Navigate / search

Wait a minute, there’s no cane in Citizen Kane!

This is my entry for The Great Citizen Kane Debate being held in celebration of the two year anniversary of the blog True Classics

Citizen Kane-The Greatest Film Ever Made.

What does that even mean? How can a statement so obviously opinionated be an absolute truth?

I remember the first time I ever saw Kane. I was in college at Purdue University and enrolled in an English class simply called “Film.” I had always wanted to take a film class, and even briefly considered pursing an English degree with emphasis on film. Of course the practical side of one’s brain typically chimes in with “yeah, that’s all fine and good, but how will you make a living?” Sometimes I wish I had gone with my gut and told my brain to shut up…but that’s another story. On the first day of class we received the syllabus with a complete listing of the films covered. A wide range of films from different eras, genres, and countries including: Battleship Potemkin, His Girl Friday, Breathless, The Godfather, La Grande Illusion, North by Northwest, Our Hospitality, Psycho, Gone With the Wind, The Wizard of Oz…and of course Citizen Kane.

The films in the class were shown once a week in one of the auditoriums on campus. The audio was typically horrendous (and the seats incredibly uncomfortable) so I always tried to get copies of the films and watch on my own at home. Plus this allowed me to take notes, pause, and re-watch particular scenes. For Kane I was quite excited. I had always heard about it being the greatest film ever made and how it was a major influence on all filmmakers and the industry in general. Since we were watching from a technical perspective, I was watching for editing techniques, cinematography, visual effects, camera angles, etc. Since I was learning the anatomy of a film, and Kane is a perfect example in the study of filmmaking, I was quite impressed. After all, there is nothing more rewarding than to be able to actually see film techniques being executed perfectly…and being able to easily identify them. Needless to say, I was blown away…until I actually watched it.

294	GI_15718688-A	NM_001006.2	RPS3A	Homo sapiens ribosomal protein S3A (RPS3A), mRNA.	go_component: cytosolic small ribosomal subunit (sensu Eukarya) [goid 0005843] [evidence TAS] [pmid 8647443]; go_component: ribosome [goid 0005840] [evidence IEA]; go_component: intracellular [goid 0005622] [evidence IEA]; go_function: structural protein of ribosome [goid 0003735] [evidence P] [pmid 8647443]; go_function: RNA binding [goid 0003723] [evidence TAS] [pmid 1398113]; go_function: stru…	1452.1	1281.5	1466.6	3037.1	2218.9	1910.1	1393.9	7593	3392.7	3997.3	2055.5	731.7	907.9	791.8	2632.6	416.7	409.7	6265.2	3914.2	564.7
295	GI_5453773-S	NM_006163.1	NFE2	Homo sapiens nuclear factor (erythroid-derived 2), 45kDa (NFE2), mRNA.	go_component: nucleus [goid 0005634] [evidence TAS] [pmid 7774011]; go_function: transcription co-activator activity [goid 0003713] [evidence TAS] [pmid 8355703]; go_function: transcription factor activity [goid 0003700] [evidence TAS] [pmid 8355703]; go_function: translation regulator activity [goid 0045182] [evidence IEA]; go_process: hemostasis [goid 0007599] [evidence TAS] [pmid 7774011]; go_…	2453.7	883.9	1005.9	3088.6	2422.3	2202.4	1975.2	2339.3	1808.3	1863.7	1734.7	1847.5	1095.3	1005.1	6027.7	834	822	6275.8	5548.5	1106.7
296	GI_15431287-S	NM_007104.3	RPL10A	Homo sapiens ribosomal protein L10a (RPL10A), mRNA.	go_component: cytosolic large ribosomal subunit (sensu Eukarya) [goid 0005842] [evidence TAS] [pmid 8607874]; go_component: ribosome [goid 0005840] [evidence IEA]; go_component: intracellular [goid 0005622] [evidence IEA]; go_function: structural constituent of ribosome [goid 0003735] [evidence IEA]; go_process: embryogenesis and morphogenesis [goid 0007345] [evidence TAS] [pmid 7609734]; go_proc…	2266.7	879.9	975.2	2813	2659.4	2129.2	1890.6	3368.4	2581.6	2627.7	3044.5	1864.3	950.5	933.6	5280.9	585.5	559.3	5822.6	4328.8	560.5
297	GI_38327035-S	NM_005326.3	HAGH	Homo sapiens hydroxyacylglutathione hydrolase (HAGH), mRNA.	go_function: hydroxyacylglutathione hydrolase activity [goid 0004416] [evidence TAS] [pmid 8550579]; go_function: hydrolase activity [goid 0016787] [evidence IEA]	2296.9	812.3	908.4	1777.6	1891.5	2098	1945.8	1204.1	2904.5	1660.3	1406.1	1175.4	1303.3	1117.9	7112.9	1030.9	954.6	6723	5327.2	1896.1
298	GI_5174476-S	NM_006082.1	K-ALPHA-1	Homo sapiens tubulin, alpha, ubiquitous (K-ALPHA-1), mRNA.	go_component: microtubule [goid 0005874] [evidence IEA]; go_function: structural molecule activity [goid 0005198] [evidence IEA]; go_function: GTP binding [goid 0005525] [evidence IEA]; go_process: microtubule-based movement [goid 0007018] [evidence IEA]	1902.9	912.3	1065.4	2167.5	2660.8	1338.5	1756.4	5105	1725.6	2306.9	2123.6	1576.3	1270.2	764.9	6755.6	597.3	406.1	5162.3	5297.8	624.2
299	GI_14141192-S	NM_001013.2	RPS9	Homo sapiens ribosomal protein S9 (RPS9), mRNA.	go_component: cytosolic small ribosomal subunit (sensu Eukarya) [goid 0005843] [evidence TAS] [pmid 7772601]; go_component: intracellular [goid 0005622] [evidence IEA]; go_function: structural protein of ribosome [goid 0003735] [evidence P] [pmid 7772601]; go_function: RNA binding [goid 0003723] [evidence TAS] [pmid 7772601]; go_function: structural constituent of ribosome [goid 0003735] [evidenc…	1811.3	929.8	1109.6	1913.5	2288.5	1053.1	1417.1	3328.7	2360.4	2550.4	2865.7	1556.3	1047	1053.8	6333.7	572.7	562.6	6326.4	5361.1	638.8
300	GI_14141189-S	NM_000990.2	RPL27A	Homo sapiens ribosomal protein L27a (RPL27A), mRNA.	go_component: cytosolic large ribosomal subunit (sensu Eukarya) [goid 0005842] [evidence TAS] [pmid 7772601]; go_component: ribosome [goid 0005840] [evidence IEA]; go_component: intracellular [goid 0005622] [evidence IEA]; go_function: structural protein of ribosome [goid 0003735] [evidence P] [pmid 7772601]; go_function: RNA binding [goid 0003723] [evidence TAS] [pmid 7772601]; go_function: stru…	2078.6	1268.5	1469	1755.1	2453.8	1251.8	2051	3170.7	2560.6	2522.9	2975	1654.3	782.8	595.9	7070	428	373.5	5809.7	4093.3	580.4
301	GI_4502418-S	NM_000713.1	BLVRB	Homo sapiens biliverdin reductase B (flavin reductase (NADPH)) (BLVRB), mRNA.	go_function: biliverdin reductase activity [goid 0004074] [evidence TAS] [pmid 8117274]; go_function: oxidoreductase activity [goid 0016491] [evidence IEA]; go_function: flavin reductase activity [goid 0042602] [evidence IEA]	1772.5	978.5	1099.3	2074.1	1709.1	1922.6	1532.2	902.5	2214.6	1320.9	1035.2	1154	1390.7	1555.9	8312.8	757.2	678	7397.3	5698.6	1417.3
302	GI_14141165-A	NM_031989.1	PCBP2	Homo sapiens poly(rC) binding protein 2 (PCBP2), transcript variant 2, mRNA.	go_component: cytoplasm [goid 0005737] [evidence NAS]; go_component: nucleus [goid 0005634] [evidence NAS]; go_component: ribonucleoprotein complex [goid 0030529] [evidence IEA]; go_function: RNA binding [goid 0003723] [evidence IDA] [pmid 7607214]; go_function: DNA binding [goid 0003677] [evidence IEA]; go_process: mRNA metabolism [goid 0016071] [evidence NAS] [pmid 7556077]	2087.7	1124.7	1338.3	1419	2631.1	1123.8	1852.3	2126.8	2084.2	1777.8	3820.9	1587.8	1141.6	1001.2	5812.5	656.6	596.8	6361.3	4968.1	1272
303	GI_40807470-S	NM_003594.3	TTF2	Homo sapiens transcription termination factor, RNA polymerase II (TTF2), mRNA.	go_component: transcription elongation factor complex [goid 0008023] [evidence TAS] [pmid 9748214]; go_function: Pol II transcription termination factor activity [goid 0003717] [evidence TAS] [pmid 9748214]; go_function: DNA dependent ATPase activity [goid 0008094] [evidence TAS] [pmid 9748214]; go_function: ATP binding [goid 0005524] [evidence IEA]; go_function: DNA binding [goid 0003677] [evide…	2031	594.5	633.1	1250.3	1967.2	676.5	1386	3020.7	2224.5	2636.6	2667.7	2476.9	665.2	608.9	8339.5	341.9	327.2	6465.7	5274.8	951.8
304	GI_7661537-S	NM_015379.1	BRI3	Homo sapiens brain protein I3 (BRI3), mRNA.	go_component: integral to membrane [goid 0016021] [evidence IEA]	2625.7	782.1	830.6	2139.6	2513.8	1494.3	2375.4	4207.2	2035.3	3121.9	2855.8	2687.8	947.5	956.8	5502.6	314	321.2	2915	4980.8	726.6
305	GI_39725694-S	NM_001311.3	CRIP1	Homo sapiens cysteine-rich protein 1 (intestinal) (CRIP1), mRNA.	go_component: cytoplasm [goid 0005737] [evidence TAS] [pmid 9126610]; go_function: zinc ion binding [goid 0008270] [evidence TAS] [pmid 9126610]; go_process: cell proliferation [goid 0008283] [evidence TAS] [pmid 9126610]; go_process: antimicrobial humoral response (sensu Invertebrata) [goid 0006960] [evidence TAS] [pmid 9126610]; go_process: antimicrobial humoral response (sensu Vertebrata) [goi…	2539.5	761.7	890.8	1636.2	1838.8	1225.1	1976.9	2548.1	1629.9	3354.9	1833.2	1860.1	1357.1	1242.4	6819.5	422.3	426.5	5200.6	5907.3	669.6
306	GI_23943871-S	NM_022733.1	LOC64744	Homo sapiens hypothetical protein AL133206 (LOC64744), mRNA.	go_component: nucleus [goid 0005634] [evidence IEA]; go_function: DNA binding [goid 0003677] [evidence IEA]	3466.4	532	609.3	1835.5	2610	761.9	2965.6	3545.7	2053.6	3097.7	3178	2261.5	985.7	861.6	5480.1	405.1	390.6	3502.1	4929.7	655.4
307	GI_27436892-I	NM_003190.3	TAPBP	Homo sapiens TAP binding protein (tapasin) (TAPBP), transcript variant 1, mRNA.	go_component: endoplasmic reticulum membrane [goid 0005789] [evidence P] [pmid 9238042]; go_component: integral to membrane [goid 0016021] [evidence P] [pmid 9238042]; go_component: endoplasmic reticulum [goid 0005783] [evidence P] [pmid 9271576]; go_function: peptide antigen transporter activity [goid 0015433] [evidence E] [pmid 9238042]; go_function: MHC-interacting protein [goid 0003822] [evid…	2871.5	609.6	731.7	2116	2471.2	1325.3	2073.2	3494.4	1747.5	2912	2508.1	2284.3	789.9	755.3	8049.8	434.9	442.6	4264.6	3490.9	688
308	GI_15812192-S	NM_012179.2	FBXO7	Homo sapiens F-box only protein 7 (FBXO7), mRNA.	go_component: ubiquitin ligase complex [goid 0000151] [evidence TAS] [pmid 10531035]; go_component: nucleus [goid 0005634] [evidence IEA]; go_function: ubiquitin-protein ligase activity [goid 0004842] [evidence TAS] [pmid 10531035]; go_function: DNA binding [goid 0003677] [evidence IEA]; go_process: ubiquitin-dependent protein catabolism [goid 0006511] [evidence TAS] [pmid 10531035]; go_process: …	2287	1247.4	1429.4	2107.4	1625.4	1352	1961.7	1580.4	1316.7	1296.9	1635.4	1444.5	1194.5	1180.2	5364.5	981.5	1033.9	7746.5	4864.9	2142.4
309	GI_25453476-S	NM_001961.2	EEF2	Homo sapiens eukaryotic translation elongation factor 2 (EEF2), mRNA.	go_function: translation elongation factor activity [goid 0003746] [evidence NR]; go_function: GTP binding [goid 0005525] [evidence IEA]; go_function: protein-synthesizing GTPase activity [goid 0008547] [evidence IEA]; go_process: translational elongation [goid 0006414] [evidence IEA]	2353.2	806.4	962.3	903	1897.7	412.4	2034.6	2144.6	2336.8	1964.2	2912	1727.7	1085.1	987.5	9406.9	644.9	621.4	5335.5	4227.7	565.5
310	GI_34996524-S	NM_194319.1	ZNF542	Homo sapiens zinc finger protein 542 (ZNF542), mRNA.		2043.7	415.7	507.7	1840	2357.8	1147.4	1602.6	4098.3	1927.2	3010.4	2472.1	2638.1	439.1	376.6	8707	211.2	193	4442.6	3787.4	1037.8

Years later I sat down and watched Kane with the intent of being entertained. After viewing it several times and picking it apart piece by piece for essays I thought it would be nice to revisit it as a casual viewer. I hate to admit this, but I was not incredibly entertained. I was flat out disappointed. And every time I have watched it at home and even on the big screen at The Fabulous Fox theatre, I’ve had the same reaction- “meh.” Maybe it is one of those films that cannot be watched casually.

Just because it isn’t an entertaining film for me doesn’t mean it’s not important or valuable. Citizen Kane is one of the most culturally significant films ever made. It is a perfect “teaching” movie and in order to be fully appreciated, it must be viewed in context. First of all, Orson Welles was 25 years old and Kane was his feature length directorial debut. That in of itself is quite impressive, but Welles achieved much more. He had unprecedented control over cast selection and the most important aspect of filmmaking: final cut. In addition to his control of the production, Welles wrote a screenplay that unmistakably resembled the life and career of William Randolph Hearst– one of the most influential and powerful men in the country at that time.Think of Edward Arnold’s role as Jim Taylor in Mr. Smith Goes to Washington. Hearst had a similar level of control in the media and he successfully limited Kane’s release. It’s not surprising. After all, Welles uses Hearst’s pet name for his mistress Marion Davies’s “Dolores”– Rosebud. I have to give Welles credit because he certainly had guts.

“Honoring” a masterpiece